Coffee prices are set to rise around the world, due to a poor coffee crop yield in Brazil, one of the world’s largest producers.

Last year, coffee futures surged almost 90% due to drought and frost impacting Brazilian production. Coffee prices then hit a decade high in February, reaching $2.59 per lb. They still remain higher, up 18.06% year on year, at roughly $2.23 per pound.

Because coffee harvesting in Brazil is done bi-yearly, off two varieties, with farmers harvesting more Arabica in even harvested years, and more Robusta in odd numbered years, it is expected there will be more price increases. Extreme weather in 2021 has produced expectations this year’s harvest will be low. In addition costs for fertilizers and fuel for transportation will inflate prices even more.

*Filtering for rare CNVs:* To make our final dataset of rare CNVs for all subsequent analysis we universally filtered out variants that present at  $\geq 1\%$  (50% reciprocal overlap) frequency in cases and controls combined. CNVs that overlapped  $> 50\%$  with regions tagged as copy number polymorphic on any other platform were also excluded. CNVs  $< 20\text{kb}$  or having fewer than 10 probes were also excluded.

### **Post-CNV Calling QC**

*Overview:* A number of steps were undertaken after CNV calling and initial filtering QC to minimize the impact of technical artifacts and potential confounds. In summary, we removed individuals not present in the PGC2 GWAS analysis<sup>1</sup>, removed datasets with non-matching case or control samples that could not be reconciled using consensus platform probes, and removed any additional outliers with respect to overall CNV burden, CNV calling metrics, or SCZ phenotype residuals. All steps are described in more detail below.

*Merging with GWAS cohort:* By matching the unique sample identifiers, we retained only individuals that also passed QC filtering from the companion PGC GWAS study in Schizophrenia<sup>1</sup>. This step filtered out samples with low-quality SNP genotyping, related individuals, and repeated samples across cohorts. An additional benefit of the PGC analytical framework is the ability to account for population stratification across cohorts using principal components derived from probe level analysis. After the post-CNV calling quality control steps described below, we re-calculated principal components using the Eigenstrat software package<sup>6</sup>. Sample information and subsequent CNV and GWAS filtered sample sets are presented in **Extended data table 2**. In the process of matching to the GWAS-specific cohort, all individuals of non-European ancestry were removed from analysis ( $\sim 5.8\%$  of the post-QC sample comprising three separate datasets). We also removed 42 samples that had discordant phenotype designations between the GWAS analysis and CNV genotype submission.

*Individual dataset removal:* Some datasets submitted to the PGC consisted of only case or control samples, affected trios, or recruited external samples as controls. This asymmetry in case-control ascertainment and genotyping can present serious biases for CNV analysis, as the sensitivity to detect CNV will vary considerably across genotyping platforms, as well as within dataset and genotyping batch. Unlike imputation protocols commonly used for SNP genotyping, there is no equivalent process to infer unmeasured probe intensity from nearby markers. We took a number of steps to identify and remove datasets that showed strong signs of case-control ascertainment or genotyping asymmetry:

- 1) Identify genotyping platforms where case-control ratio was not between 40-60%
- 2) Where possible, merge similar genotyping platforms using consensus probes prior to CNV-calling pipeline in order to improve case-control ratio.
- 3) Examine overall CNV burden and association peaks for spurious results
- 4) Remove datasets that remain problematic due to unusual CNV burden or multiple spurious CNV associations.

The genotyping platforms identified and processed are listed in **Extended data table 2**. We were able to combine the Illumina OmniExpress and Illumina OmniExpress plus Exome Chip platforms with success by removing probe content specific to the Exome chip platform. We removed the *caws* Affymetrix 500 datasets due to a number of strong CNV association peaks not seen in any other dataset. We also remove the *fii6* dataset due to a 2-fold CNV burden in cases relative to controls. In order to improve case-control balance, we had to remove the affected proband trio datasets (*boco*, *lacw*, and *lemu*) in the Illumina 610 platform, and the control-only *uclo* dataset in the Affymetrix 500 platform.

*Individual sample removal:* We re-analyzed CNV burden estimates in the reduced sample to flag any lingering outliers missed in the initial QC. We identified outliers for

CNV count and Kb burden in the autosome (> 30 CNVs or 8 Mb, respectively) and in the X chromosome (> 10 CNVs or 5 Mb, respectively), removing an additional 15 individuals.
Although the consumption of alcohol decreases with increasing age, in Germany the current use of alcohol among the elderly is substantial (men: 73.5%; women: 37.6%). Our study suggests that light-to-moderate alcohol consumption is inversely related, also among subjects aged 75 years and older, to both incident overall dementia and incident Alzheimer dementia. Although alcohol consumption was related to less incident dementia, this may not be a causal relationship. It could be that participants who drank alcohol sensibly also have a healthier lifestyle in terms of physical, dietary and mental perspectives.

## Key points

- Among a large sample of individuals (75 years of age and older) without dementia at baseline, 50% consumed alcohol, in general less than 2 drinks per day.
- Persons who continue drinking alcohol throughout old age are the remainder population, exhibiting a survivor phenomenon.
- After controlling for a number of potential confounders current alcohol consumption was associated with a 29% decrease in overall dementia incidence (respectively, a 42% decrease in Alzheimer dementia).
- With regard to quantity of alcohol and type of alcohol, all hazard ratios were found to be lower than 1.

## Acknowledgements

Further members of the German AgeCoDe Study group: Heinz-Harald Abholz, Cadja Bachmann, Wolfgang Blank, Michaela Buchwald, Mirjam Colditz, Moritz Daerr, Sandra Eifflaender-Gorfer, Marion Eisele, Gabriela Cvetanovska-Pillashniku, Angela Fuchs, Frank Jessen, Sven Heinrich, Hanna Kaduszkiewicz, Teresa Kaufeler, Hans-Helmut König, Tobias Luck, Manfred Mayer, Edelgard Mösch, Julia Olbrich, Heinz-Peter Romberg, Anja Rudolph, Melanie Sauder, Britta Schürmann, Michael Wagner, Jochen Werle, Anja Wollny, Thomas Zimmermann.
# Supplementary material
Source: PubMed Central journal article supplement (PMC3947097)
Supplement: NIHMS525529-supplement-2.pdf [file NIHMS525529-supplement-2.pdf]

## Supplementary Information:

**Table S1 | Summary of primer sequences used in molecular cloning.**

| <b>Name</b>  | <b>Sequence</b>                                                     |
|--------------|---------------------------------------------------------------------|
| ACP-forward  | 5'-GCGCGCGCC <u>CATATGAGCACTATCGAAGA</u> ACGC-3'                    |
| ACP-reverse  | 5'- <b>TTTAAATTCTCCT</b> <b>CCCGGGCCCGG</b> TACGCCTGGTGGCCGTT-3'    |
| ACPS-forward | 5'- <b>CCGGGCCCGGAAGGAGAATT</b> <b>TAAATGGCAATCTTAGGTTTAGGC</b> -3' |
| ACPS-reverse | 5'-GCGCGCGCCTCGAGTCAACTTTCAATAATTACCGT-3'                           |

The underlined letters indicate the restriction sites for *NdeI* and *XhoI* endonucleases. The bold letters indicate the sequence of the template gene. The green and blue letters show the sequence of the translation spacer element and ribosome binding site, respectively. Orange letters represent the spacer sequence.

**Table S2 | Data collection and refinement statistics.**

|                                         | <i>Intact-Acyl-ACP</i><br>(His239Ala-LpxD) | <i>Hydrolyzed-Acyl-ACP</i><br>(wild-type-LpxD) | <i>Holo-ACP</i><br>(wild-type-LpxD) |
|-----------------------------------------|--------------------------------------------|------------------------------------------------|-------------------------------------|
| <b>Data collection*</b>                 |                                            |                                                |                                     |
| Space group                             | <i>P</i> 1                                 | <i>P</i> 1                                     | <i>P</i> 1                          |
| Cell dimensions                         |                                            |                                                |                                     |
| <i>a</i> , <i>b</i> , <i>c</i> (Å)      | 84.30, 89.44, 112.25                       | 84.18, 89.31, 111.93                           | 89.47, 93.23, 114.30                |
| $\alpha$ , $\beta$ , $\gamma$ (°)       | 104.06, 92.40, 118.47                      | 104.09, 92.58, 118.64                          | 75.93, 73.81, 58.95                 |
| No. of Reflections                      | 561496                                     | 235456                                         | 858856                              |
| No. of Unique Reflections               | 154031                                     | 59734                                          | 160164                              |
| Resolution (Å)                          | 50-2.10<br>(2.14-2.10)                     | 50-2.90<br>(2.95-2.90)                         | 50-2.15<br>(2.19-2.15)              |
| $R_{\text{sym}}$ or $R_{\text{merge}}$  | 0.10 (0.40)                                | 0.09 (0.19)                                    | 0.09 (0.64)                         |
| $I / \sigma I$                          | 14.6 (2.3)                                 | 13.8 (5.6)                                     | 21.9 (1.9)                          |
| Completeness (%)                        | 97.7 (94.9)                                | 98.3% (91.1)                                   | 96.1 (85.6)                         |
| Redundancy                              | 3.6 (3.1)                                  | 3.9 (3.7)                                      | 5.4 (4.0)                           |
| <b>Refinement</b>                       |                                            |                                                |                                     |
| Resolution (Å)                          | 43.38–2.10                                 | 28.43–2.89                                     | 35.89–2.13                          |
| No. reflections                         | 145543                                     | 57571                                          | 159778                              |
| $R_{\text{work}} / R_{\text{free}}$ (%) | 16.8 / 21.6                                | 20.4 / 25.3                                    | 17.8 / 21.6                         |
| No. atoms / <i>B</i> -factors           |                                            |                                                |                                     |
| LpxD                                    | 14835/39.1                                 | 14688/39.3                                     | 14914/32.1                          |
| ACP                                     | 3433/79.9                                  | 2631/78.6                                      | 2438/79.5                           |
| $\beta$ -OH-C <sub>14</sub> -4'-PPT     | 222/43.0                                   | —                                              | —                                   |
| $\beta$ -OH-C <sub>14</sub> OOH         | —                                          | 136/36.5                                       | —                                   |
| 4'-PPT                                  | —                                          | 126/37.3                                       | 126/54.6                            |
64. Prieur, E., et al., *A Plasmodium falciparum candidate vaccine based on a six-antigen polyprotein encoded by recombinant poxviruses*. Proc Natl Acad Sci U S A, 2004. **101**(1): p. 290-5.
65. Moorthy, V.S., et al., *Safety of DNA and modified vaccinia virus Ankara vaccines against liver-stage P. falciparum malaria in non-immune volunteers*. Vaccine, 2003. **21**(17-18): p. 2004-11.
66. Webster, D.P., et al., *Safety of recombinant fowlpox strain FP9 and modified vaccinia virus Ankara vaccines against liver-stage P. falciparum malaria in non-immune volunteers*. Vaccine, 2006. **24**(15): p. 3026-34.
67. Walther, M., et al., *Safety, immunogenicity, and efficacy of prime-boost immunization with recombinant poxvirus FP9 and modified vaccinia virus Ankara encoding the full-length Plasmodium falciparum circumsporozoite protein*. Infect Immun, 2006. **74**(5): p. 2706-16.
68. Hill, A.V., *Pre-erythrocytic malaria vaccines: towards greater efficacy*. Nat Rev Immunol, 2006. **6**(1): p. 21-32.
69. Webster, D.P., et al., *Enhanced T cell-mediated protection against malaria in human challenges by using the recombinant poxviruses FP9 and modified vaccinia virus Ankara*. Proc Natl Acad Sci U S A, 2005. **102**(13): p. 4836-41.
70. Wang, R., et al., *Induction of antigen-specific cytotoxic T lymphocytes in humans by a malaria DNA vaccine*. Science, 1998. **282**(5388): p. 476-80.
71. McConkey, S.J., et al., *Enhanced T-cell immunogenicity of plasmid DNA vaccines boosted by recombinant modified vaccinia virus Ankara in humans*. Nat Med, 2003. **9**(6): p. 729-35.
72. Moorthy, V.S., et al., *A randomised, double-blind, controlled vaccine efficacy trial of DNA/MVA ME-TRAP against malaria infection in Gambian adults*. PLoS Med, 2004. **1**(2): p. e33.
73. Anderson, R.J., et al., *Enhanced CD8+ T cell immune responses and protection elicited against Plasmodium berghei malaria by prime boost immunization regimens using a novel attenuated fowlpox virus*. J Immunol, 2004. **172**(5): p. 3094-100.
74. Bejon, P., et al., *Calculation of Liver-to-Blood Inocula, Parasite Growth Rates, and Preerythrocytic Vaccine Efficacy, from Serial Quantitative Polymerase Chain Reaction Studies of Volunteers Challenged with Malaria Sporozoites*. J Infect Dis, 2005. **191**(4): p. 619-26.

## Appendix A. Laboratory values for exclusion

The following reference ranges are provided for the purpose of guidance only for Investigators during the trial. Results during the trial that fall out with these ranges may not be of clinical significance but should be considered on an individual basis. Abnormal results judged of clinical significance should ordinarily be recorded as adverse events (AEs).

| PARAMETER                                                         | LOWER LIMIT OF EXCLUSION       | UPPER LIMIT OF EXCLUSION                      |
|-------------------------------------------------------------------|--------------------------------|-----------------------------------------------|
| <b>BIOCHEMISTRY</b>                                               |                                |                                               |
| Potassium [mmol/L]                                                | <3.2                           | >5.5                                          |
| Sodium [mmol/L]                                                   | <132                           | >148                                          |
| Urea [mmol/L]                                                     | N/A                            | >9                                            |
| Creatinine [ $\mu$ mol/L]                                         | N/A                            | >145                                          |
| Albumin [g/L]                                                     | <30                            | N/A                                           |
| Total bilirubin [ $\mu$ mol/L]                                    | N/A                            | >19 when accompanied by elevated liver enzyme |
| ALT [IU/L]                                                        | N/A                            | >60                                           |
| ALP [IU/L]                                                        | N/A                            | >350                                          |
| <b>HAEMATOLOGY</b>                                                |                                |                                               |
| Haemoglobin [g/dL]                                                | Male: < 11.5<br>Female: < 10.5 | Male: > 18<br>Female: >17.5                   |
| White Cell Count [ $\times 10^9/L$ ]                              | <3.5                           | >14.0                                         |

On top of the conditions in Brazil, word has come out that Colombia, another major producer, experienced wetter than normal weather, reducing their harvest as well. An analysis by the Wall Street Journal estimated harvests on some farms will be as low as 50% of normal.

The International Coffee Organization predicted in its July report, that global coffee consumption will outpace production by the end of the year, and that, along with the falling yield, will propel coffee prices to record-setting highs.